Two sides of the story
This assignment is designed to give your tutor a feel for your work and won’t count towards your final grade if you decide to have your work assessed. However, the assessors may wish to see it so that they can gauge your progress across the course.
Create at least two sets of photographs telling different versions of the same story. The aim of the assignment is to help you explore the convincing nature of documentary, even though what the viewer thinks they see may not in fact be true. Try to make both sets equally convincing so that it’s impossible to tell which version of the images is ‘true’.
Choose a theme and aim for 5–7 images for each set, depending on your idea. However you choose to interpret the brief, ensure the images are candid and ‘taken from real life’. Be experimental and take some risks. Include an introduction of 300 words outlining what you set out to do and how you went about it.
Having completed Part one and working through all the projects and exercises, my head was buzzing with ideas for this assignment. However I realise that I have to work within my current capabilities, taking risks is good, but this is the first assignment and I want to develop my skills throughout the course module. Some thoughts and ideas:
The Cumbria floods – before and after. Showing the becks and rivers in calm and rage. However, I realised I didn’t have enough of my own images taken during the flood to put a solid story together.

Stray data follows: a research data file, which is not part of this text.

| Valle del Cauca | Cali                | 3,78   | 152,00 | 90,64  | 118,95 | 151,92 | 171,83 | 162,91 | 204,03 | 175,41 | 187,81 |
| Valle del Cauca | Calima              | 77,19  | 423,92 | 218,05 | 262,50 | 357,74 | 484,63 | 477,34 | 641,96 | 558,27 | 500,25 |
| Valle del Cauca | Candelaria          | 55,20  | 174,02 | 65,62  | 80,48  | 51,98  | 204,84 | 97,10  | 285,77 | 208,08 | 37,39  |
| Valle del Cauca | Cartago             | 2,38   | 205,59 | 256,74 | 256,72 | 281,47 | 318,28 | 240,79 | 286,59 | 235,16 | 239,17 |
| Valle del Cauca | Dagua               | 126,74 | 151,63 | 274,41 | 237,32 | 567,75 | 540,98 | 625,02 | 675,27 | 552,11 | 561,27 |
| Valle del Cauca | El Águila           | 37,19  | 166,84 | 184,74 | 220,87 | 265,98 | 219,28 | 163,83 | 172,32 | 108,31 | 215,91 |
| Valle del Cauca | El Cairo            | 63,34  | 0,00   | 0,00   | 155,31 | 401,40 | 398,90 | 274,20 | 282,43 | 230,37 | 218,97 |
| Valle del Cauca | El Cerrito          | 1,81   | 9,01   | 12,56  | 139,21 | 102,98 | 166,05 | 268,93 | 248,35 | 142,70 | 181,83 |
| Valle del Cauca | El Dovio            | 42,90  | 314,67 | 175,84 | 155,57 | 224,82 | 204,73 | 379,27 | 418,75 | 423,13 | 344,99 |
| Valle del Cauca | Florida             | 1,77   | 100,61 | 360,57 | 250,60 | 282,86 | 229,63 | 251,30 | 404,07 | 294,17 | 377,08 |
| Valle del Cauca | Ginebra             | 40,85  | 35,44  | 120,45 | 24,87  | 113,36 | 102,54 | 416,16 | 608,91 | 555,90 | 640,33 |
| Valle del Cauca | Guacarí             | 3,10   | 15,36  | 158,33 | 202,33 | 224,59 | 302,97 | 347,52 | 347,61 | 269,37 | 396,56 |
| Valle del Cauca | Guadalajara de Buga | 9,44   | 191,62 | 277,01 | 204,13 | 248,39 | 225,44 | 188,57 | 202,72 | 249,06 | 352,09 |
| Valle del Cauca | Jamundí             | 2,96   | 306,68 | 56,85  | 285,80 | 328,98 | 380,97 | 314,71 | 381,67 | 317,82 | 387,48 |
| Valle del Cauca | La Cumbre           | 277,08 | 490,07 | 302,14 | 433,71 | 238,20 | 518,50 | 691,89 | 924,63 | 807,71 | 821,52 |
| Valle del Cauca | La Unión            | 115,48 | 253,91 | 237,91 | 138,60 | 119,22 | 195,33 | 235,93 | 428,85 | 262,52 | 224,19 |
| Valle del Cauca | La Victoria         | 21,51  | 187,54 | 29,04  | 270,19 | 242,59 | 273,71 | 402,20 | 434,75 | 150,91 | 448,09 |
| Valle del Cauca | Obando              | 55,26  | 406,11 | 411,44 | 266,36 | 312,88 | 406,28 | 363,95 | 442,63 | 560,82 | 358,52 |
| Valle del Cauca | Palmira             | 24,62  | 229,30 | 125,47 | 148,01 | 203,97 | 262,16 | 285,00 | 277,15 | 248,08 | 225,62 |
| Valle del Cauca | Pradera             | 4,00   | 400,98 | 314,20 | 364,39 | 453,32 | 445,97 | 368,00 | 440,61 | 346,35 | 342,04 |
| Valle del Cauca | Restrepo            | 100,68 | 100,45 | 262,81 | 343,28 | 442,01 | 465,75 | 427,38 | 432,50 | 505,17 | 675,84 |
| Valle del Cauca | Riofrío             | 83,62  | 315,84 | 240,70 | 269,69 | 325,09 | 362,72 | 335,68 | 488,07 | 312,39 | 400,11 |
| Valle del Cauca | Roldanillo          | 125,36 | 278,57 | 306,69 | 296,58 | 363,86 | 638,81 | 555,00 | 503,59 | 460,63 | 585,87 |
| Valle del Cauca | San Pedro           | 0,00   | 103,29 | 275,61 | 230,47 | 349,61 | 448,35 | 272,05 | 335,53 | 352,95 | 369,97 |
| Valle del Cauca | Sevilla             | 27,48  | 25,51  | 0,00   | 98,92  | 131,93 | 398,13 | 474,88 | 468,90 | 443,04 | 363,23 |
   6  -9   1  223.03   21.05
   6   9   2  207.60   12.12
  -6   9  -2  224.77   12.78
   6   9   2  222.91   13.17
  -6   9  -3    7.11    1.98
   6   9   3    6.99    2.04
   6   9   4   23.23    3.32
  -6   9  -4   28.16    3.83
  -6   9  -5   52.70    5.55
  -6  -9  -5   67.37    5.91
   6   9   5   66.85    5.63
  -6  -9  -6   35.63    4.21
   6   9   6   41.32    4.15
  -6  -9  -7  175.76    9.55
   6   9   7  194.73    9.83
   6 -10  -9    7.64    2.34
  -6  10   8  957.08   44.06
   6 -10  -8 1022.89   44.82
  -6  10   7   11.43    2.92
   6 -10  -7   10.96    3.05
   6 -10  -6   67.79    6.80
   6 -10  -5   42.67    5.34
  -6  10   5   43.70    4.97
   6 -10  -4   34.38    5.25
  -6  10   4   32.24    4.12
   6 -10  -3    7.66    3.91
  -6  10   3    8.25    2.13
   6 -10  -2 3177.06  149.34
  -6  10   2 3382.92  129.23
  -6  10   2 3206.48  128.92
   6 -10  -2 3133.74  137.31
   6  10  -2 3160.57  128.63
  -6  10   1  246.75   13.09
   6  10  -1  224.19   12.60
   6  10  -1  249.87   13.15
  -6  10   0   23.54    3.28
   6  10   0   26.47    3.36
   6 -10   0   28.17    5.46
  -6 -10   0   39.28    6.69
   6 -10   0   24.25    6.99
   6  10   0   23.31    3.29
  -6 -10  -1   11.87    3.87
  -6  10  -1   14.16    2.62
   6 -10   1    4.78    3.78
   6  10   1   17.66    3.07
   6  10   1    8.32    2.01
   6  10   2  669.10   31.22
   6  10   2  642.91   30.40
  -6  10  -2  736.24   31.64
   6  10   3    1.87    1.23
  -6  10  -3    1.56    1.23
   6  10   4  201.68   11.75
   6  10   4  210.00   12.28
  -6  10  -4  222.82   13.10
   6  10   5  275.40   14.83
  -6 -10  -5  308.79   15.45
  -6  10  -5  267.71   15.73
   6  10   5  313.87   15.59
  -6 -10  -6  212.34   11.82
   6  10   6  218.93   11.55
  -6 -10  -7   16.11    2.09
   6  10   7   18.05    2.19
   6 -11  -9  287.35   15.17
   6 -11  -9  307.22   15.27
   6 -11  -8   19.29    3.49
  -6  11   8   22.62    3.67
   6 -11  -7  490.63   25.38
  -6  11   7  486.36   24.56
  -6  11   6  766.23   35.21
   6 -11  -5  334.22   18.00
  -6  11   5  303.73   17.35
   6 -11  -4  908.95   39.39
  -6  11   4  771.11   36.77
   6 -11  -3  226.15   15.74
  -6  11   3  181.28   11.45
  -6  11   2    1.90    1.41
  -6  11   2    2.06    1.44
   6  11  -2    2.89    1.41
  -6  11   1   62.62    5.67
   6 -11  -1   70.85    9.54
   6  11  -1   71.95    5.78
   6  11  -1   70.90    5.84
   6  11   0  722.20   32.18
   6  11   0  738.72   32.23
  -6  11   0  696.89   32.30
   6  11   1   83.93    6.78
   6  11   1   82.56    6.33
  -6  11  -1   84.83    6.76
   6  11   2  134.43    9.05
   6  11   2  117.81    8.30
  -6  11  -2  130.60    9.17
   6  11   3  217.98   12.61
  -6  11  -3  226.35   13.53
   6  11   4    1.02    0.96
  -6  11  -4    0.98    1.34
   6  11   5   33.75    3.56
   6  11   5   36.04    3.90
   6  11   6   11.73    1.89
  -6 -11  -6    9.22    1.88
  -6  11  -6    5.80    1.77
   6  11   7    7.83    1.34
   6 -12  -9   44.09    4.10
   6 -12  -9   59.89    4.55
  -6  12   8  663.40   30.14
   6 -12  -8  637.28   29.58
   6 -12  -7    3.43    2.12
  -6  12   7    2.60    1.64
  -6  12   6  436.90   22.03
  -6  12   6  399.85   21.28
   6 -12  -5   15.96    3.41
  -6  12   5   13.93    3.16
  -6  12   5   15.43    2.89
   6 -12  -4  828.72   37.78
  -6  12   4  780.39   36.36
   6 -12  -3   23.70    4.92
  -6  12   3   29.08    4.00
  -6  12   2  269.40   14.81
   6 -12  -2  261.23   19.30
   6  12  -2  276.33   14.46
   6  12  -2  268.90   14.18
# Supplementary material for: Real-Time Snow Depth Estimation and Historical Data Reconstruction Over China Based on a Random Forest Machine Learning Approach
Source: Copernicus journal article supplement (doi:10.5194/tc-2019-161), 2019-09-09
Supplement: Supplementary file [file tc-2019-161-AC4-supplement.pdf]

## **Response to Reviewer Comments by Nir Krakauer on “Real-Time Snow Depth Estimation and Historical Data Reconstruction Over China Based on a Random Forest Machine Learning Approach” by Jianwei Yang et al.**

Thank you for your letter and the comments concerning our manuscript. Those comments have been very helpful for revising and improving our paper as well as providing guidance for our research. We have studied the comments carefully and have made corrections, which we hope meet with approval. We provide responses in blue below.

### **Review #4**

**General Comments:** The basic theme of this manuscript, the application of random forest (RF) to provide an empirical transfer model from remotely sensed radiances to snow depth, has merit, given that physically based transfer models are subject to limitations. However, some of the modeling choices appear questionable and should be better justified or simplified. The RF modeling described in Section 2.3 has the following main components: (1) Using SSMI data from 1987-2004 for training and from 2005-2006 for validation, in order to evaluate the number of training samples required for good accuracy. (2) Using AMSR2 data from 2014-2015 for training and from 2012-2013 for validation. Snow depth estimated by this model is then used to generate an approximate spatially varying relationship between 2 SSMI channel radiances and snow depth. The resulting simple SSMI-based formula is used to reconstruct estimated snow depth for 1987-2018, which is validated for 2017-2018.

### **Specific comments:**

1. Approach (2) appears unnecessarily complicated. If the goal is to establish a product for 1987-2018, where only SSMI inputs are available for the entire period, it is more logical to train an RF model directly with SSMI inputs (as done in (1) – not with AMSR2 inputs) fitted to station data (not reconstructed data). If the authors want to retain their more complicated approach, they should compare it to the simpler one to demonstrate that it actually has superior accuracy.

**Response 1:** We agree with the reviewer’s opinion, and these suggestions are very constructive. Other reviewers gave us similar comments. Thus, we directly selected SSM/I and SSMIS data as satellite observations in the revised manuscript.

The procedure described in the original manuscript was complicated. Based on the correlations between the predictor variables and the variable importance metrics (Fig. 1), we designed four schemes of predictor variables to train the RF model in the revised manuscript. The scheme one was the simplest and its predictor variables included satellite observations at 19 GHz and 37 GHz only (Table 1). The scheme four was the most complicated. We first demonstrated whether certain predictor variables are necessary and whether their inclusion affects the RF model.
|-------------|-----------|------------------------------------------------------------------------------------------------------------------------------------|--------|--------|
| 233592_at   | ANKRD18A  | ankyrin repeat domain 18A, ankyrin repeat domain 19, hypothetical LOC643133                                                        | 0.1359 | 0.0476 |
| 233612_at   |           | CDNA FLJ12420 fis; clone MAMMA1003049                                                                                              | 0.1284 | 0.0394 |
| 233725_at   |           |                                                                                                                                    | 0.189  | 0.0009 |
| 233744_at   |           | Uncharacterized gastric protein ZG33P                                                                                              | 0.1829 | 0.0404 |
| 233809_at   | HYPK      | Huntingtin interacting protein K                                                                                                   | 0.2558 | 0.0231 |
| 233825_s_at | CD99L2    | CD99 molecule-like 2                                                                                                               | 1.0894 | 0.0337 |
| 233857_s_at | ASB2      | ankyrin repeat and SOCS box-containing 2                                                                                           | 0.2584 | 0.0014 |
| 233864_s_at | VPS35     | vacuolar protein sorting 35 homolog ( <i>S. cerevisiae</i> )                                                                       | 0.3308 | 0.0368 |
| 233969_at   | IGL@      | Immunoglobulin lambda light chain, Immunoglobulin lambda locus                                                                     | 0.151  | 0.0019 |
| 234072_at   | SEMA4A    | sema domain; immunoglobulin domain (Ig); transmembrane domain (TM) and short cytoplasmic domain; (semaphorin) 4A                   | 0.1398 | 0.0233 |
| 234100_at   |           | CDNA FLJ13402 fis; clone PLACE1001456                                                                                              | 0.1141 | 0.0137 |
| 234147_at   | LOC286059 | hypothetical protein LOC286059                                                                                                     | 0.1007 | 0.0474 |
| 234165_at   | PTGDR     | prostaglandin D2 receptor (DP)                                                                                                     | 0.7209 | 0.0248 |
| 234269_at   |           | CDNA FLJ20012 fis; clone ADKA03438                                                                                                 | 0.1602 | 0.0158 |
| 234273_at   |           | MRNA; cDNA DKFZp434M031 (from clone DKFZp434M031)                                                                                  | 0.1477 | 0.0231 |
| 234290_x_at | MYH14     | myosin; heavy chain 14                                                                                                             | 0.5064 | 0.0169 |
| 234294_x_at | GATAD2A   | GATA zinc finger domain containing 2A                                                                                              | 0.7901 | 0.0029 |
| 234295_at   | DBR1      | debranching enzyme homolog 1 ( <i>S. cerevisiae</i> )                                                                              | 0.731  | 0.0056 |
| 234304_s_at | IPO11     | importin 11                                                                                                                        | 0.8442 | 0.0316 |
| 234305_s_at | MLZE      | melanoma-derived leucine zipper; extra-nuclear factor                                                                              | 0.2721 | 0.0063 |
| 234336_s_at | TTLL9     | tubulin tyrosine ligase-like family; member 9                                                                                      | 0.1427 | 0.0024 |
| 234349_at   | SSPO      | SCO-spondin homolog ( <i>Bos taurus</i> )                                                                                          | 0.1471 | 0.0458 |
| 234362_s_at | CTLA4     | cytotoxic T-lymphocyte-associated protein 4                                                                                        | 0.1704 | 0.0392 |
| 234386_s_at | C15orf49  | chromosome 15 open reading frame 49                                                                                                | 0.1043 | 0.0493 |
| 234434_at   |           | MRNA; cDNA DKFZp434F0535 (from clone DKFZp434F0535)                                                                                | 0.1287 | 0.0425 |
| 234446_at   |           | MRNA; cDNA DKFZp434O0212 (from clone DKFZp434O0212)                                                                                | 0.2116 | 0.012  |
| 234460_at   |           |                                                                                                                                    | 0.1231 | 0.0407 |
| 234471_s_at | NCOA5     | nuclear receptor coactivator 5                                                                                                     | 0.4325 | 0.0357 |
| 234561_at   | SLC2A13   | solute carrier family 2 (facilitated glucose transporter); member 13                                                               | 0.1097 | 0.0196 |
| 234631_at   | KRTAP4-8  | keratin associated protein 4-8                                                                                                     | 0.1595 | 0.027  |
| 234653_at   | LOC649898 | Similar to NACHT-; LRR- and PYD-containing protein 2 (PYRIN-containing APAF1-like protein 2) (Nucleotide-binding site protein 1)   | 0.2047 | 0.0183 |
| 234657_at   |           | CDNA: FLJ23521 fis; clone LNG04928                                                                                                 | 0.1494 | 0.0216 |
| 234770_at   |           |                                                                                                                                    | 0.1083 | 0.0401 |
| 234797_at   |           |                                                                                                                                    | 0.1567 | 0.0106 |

The changeable weather in our valley: I decided more impact would be created if I could show the same viewpoint and framing through the seasons – which I don’t have.
I also considered “Late Photography” as a subject, again showing pre and post an event. Or a project based around the word “duel”.
Because I was keen to complete the assignment before my holidays I finally I settled on this rather interesting theme, something I drive past on a regular basis when visiting my Mum in her nursing home.
Trinity Chapel & Gardens Frodsham
Trinity chapel, built in the Gothic style and with a 123 feet high spire, became a familiar landmark in Frodsham. In the 1970’s dry rot was identified in the church building and during a two year period of alterations much of the old building was demolished. The Frodsham Society organised a “Save our Spire” campaign and with the help of the community the spire and some of the adjoining stonework was saved and restored. Too costly to continue to keep open, (there were two Methodist churches in the town), Trinity closed as a church in 2000 – though not universally agreed I hear!
The spire and some remains were kept for posterity. This landmark is now the approach to Trinity Gardens, a listed Grade II housing development, a creative mixture of luxury apartments and houses all within a conservation area.